Recently, I drove our newly hired COO around Southern California to meet the staff in our branch offices. The road trip served not only as a means of transportation to Irvine, Carlsbad and San Diego – it also provided getting-to-know-you time which included a no holds barred Q & A.
Eager to answer all of his questions about the company and its culture, the one questions that stuck with me most was his question,
What do you do when employees cry?
I loved this question because there was no pretense and because it came from a guy who just wanted to know how I handle tears. The answer is that I had never thought about it before.
I have, in my adult life, spent time worrying about my own emotional display during inopportune times yet I have never even once considered it a negative when an employee cries in my office. In my opinion, girls just cry, we can’t help it and it need not go further than that.
Then I got to wondering, am I alone in feeling this way? Do other woman managers think like this or are they put off by workplace whimpers? Who hasn’t watered up at least once in her career? Do I really handle it like I said I do, gently handing over a tissue box while conversation ensues?
The very next day someone cried in my office. No big deal. It happens to us all.
Photo credit iStock Photo
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The reality is emotion comes out for a variety of reasons- it’s life.
As long as it’s not a disruptive pattern that leads to a performance issue- ..it’s part of life – and what were the words? safe zones?-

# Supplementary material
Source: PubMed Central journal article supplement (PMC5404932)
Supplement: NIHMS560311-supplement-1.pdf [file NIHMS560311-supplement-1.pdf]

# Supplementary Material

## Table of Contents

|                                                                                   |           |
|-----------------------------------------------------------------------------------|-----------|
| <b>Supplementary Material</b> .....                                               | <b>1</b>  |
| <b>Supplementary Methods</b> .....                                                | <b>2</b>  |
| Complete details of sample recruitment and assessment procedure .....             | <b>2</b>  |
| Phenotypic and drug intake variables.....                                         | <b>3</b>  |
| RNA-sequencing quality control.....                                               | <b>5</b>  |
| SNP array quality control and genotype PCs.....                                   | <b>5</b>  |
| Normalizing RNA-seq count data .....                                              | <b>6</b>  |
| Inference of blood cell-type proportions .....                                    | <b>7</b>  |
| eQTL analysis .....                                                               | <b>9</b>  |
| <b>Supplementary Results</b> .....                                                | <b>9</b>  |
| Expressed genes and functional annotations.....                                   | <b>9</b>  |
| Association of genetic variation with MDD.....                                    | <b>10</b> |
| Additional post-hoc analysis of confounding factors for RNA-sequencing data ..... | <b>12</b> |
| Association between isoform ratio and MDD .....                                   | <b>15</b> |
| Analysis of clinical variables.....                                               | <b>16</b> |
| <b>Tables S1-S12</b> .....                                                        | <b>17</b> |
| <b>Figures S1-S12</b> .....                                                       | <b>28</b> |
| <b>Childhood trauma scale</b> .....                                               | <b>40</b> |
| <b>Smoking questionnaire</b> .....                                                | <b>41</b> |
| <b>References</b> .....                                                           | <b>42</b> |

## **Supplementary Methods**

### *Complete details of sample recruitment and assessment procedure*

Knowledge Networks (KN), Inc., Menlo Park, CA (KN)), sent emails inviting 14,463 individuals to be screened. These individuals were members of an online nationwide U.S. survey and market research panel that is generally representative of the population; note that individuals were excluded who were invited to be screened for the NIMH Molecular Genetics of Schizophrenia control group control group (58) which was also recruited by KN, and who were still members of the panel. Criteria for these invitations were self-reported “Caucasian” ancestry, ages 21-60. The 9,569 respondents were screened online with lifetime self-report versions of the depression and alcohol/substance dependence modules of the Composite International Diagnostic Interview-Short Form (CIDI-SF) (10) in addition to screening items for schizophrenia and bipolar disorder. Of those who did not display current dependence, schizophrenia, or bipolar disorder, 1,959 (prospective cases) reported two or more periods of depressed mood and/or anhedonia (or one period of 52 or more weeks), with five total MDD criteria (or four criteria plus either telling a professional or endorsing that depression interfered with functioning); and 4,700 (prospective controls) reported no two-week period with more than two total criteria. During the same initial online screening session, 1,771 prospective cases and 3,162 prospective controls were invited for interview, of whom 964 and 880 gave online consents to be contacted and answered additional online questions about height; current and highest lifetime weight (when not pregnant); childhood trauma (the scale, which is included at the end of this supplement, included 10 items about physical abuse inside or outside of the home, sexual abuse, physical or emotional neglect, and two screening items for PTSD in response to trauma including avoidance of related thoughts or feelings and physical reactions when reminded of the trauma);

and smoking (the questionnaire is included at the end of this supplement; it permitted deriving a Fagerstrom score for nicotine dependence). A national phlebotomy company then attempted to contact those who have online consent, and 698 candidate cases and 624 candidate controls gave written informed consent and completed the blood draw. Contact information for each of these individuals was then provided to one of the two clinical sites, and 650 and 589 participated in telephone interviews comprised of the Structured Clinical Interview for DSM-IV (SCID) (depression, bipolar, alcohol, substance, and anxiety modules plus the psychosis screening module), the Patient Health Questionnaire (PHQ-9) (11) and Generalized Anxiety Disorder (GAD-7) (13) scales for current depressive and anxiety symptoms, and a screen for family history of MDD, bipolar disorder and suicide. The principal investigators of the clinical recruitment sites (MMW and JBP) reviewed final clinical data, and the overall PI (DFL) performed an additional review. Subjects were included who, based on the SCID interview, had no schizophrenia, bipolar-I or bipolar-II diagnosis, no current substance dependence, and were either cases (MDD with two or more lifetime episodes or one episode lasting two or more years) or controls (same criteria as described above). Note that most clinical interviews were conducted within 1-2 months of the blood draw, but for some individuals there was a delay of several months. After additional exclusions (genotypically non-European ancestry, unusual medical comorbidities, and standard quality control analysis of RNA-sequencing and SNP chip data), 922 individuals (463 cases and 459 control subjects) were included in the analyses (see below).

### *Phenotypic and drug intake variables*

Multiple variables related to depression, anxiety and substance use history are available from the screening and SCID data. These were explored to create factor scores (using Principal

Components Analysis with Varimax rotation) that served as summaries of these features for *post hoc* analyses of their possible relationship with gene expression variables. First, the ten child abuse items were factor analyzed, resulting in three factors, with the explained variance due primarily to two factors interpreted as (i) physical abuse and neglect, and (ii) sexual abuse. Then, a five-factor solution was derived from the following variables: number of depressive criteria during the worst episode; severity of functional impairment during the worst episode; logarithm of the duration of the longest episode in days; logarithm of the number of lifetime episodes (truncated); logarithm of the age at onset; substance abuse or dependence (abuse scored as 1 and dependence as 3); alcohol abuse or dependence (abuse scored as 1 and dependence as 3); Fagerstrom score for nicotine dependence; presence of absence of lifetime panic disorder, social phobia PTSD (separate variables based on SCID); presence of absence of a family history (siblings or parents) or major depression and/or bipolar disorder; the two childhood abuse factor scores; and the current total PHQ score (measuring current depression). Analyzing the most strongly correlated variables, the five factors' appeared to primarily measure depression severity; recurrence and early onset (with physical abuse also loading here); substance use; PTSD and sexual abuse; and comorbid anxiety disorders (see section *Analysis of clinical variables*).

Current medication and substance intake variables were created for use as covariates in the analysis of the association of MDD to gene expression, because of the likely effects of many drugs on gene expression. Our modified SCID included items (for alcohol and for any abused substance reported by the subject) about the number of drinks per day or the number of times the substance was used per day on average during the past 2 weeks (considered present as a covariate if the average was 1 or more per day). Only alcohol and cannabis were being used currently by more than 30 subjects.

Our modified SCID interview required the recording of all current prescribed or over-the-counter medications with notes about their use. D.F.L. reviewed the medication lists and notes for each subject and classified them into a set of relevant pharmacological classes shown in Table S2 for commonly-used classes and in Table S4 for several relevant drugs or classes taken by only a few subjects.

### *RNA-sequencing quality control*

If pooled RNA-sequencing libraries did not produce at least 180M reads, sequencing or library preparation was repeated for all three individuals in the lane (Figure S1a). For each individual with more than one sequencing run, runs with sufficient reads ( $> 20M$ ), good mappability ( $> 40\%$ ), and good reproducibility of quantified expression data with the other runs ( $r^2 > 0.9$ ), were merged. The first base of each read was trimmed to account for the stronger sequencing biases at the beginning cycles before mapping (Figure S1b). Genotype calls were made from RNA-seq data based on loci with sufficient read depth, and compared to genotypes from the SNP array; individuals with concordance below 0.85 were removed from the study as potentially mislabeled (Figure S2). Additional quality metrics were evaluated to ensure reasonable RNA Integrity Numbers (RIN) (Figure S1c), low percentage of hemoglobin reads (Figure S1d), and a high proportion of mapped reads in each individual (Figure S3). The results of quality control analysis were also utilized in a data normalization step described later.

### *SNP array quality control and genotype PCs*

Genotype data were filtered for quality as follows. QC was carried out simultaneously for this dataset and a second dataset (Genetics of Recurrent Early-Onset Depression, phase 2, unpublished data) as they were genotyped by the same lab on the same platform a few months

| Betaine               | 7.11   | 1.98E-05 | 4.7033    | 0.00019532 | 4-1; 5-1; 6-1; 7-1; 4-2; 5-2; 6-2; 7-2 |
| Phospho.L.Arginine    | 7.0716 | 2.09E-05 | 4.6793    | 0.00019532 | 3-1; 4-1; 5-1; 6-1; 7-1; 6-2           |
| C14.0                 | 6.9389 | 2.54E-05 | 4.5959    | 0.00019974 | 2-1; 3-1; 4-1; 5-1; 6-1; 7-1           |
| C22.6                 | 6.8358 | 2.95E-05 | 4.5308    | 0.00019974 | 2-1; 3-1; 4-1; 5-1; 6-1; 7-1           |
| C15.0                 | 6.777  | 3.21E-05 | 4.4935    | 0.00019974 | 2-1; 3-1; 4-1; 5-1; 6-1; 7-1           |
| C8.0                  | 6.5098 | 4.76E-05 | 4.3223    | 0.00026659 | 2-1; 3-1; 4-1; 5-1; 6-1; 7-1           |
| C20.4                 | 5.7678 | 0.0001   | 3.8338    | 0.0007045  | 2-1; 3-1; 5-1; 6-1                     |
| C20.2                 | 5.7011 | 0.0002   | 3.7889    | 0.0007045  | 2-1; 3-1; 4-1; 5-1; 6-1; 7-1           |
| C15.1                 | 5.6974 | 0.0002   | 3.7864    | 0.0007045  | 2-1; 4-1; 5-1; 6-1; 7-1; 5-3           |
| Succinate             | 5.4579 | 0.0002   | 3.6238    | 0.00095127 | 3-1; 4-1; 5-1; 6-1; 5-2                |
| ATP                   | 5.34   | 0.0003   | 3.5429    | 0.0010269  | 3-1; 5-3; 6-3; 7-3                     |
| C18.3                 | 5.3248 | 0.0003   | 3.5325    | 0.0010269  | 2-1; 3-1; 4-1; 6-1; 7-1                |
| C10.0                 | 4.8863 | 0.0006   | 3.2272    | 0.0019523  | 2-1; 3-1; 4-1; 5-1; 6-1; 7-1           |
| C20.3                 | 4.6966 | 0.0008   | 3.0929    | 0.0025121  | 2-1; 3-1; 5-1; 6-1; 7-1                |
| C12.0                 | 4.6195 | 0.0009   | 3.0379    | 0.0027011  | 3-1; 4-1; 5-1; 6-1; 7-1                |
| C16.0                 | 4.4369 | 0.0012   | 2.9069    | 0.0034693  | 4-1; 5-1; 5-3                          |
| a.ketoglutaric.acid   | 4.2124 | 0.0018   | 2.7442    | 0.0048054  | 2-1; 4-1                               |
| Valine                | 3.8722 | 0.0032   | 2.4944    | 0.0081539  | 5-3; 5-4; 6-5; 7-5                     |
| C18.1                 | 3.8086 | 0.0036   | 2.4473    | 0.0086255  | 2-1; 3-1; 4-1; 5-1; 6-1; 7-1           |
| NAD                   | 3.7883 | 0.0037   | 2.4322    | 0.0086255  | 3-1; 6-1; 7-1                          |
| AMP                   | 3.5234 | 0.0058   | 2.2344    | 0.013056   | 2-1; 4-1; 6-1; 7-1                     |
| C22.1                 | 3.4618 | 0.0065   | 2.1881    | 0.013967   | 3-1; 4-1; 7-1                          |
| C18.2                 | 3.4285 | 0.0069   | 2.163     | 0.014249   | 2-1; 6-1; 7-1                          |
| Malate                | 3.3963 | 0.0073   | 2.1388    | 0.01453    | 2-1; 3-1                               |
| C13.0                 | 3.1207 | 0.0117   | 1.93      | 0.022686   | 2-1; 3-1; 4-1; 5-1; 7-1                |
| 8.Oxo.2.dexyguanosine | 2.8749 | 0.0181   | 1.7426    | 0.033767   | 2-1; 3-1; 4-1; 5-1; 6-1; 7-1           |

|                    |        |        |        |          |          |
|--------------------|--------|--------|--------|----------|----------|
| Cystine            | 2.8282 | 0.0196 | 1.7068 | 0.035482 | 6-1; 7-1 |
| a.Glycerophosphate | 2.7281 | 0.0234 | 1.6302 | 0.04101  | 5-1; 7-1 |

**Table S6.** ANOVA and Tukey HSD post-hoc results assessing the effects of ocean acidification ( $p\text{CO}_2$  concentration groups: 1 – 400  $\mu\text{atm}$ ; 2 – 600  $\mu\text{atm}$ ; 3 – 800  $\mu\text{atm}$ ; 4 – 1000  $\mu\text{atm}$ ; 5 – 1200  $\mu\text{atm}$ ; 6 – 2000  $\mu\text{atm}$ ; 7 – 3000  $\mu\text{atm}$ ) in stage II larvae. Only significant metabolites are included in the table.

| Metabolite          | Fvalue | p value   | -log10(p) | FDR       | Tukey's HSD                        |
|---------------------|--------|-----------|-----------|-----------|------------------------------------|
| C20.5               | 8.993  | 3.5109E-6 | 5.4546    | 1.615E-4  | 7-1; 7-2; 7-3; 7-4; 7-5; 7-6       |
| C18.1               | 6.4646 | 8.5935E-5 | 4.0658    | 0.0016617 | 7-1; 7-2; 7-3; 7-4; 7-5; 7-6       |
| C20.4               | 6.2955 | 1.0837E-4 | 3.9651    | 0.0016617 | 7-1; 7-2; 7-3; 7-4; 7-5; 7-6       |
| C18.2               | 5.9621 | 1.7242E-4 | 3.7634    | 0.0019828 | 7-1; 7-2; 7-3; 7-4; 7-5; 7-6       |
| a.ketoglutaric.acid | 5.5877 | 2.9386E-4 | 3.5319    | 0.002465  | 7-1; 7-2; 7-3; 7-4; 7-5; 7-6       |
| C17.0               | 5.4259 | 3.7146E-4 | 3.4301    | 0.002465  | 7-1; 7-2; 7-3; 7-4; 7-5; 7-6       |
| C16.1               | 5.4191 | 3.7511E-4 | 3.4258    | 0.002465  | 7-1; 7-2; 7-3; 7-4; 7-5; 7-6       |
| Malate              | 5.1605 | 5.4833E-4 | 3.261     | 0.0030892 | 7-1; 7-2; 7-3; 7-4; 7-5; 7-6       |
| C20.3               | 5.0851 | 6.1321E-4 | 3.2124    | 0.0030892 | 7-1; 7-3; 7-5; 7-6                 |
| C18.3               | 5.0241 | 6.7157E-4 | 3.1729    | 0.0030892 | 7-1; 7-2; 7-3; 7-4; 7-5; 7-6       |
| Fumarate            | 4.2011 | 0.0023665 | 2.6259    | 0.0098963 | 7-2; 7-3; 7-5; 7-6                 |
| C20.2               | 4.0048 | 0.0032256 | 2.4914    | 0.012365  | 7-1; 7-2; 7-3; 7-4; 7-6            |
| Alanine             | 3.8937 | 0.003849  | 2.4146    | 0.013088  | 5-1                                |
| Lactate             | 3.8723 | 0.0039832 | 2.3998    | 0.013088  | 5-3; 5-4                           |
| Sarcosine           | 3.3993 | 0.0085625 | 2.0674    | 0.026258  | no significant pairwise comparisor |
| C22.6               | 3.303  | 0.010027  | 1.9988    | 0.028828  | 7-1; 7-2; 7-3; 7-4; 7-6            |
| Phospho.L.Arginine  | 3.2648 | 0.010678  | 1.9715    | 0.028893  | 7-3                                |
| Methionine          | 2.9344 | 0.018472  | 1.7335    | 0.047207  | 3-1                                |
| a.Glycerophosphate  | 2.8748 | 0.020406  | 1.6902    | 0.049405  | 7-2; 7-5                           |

Yes Tom Hanks coined” no crying in baseball” shall we watch what happens at the end of this year’s world series in the locker room right after the last game? Do you think we will see tears?
I always keep kleenex on my desk so I’m prepared for tears. I think it’s completely normal and healthy to cry once in a while. Employees know that if their head is about to burst, they can come see me in a “safe zone.” It’s the drama tears that I don’t handle well. Some employees just automatically go to crying in order to manipulate people. I just listen and give them ideas for options on dealing with their particular situation.
Throughout my career in HR I have had both women and men who have openly cried in my office. Everyone cries at some point in their life – tears are the manifestation of a highly emotional experience either sad or joyful. When an individual has reached that point of emotion to have a release through tears the best advice for HR professionals is to listen. Make sure you hear what the person is saying – allow them to unload their emotions and don’t seek to find an answer as much as giving them the chance to articulate their situation. For many the tears can become a means to more clearly deal with the situation and the best way to help is to guide the individual through the emotion.
It depends upon the type of tears. Angry and frustrated tears are easy to deal with. Usually the person crying is embarrassed and it’s just a matter of letting them know that they are in a safe place. Frustrated tears really do not bother me at all. It’s the sad tears that get me, usually related to a personal situation. The child with cancer, death of a family member or the laid off employee. Many times I tear up too.
It’s really nice to see someone who doesn’t have the knee-jerk “crying is bad” reaction to workplace emotion. Sometimes, it just happens, and if there wasn’t such a deal made out of it, it might not be perceived as quite as bad.
I think the thing that bothers me most is if a man gets angry and storms out or closes up in his office to vent some anger, it’s okay. But tears are considered weak, apparently, so a woman trying to hole up and cry it out and move on is less acceptable.